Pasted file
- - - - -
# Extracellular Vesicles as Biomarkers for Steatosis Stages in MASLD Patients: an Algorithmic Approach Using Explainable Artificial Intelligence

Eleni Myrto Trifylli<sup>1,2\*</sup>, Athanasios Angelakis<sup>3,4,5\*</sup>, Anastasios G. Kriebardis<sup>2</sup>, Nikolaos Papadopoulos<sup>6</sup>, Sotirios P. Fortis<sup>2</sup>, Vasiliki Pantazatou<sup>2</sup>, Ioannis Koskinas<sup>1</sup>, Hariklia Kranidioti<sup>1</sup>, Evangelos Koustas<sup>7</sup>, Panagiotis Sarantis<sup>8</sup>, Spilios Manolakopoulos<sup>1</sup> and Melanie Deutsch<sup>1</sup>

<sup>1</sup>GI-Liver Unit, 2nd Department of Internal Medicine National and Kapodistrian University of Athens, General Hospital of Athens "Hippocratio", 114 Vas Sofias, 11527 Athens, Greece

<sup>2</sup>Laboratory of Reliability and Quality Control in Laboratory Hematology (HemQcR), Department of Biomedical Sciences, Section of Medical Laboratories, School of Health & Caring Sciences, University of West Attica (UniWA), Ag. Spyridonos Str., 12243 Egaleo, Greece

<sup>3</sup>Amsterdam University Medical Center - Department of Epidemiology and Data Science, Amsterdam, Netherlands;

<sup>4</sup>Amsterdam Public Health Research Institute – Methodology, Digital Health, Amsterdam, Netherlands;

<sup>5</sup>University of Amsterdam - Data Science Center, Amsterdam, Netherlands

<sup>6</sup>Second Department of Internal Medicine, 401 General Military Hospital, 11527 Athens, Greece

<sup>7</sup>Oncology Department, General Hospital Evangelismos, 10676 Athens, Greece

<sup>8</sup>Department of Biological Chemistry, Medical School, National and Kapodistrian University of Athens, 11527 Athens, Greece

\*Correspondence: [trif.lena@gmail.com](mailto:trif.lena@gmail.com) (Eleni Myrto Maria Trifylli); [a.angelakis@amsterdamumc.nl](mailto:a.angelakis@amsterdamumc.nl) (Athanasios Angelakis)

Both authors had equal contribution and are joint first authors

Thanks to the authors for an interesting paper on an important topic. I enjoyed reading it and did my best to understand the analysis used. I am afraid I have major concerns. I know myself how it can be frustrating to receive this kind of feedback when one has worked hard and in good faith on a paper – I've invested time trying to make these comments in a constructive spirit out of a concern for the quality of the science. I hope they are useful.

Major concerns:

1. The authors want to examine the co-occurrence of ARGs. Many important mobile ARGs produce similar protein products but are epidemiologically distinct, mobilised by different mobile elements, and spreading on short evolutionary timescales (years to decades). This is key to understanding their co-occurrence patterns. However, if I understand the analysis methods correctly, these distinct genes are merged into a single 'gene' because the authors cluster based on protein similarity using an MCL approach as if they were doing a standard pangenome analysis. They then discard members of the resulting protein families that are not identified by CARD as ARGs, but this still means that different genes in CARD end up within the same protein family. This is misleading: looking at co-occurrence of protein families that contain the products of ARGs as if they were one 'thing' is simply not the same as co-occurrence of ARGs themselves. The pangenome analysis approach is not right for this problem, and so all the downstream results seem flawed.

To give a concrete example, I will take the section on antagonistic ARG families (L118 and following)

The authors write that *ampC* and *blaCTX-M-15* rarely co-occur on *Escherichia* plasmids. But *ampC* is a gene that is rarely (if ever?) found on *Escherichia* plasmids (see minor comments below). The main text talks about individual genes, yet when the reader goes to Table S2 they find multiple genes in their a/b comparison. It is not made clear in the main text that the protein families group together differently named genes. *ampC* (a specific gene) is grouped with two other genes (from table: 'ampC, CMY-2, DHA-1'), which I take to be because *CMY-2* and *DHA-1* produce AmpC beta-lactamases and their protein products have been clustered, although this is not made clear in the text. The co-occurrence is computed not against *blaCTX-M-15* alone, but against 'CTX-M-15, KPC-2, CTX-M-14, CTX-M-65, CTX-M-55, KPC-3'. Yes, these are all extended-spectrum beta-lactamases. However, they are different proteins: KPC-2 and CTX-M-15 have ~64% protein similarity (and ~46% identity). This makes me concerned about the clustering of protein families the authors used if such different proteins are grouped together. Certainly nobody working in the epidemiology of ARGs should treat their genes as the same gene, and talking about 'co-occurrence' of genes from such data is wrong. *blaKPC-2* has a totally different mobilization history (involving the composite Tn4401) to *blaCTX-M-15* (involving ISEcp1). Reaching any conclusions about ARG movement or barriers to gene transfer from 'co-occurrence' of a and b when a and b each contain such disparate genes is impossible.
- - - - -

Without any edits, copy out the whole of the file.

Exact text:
# Extracellular Vesicles as Biomarkers for Steatosis Stages in MASLD Patients: an Algorithmic Approach Using Explainable Artificial Intelligence

Eleni Myrto Trifylli<sup>1,2\*</sup>, Athanasios Angelakis<sup>3,4,5\*</sup>, Anastasios G. Kriebardis<sup>2</sup>, Nikolaos Papadopoulos<sup>6</sup>, Sotirios P. Fortis<sup>2</sup>, Vasiliki Pantazatou<sup>2</sup>, Ioannis Koskinas<sup>1</sup>, Hariklia Kranidioti<sup>1</sup>, Evangelos Koustas<sup>7</sup>, Panagiotis Sarantis<sup>8</sup>, Spilios Manolakopoulos<sup>1</sup> and Melanie Deutsch<sup>1</sup>

<sup>1</sup>GI-Liver Unit, 2nd Department of Internal Medicine National and Kapodistrian University of Athens, General Hospital of Athens "Hippocratio", 114 Vas Sofias, 11527 Athens, Greece

<sup>2</sup>Laboratory of Reliability and Quality Control in Laboratory Hematology (HemQcR), Department of Biomedical Sciences, Section of Medical Laboratories, School of Health & Caring Sciences, University of West Attica (UniWA), Ag. Spyridonos Str., 12243 Egaleo, Greece

<sup>3</sup>Amsterdam University Medical Center - Department of Epidemiology and Data Science, Amsterdam, Netherlands;

<sup>4</sup>Amsterdam Public Health Research Institute – Methodology, Digital Health, Amsterdam, Netherlands;

<sup>5</sup>University of Amsterdam - Data Science Center, Amsterdam, Netherlands

<sup>6</sup>Second Department of Internal Medicine, 401 General Military Hospital, 11527 Athens, Greece

<sup>7</sup>Oncology Department, General Hospital Evangelismos, 10676 Athens, Greece

<sup>8</sup>Department of Biological Chemistry, Medical School, National and Kapodistrian University of Athens, 11527 Athens, Greece

\*Correspondence: [trif.lena@gmail.com](mailto:trif.lena@gmail.com) (Eleni Myrto Maria Trifylli); [a.angelakis@amsterdamumc.nl](mailto:a.angelakis@amsterdamumc.nl) (Athanasios Angelakis)

Both authors had equal contribution and are joint first authors

Thanks to the authors for an interesting paper on an important topic. I enjoyed reading it and did my best to understand the analysis used. I am afraid I have major concerns. I know myself how it can be frustrating to receive this kind of feedback when one has worked hard and in good faith on a paper – I've invested time trying to make these comments in a constructive spirit out of a concern for the quality of the science. I hope they are useful.

Major concerns:

1. The authors want to examine the co-occurrence of ARGs. Many important mobile ARGs produce similar protein products but are epidemiologically distinct, mobilised by different mobile elements, and spreading on short evolutionary timescales (years to decades). This is key to understanding their co-occurrence patterns. However, if I understand the analysis methods correctly, these distinct genes are merged into a single 'gene' because the authors cluster based on protein similarity using an MCL approach as if they were doing a standard pangenome analysis. They then discard members of the resulting protein families that are not identified by CARD as ARGs, but this still means that different genes in CARD end up within the same protein family. This is misleading: looking at co-occurrence of protein families that contain the products of ARGs as if they were one 'thing' is simply not the same as co-occurrence of ARGs themselves. The pangenome analysis approach is not right for this problem, and so all the downstream results seem flawed.

To give a concrete example, I will take the section on antagonistic ARG families (L118 and following)

The authors write that *ampC* and *blaCTX-M-15* rarely co-occur on *Escherichia* plasmids. But *ampC* is a gene that is rarely (if ever?) found on *Escherichia* plasmids (see minor comments below). The main text talks about individual genes, yet when the reader goes to Table S2 they find multiple genes in their a/b comparison. It is not made clear in the main text that the protein families group together differently named genes. *ampC* (a specific gene) is grouped with two other genes (from table: 'ampC, CMY-2, DHA-1'), which I take to be because *CMY-2* and *DHA-1* produce AmpC beta-lactamases and their protein products have been clustered, although this is not made clear in the text. The co-occurrence is computed not against *blaCTX-M-15* alone, but against 'CTX-M-15, KPC-2, CTX-M-14, CTX-M-65, CTX-M-55, KPC-3'. Yes, these are all extended-spectrum beta-lactamases. However, they are different proteins: KPC-2 and CTX-M-15 have ~64% protein similarity (and ~46% identity). This makes me concerned about the clustering of protein families the authors used if such different proteins are grouped together. Certainly nobody working in the epidemiology of ARGs should treat their genes as the same gene, and talking about 'co-occurrence' of genes from such data is wrong. *blaKPC-2* has a totally different mobilization history (involving the composite Tn4401) to *blaCTX-M-15* (involving ISEcp1). Reaching any conclusions about ARG movement or barriers to gene transfer from 'co-occurrence' of a and b when a and b each contain such disparate genes is impossible.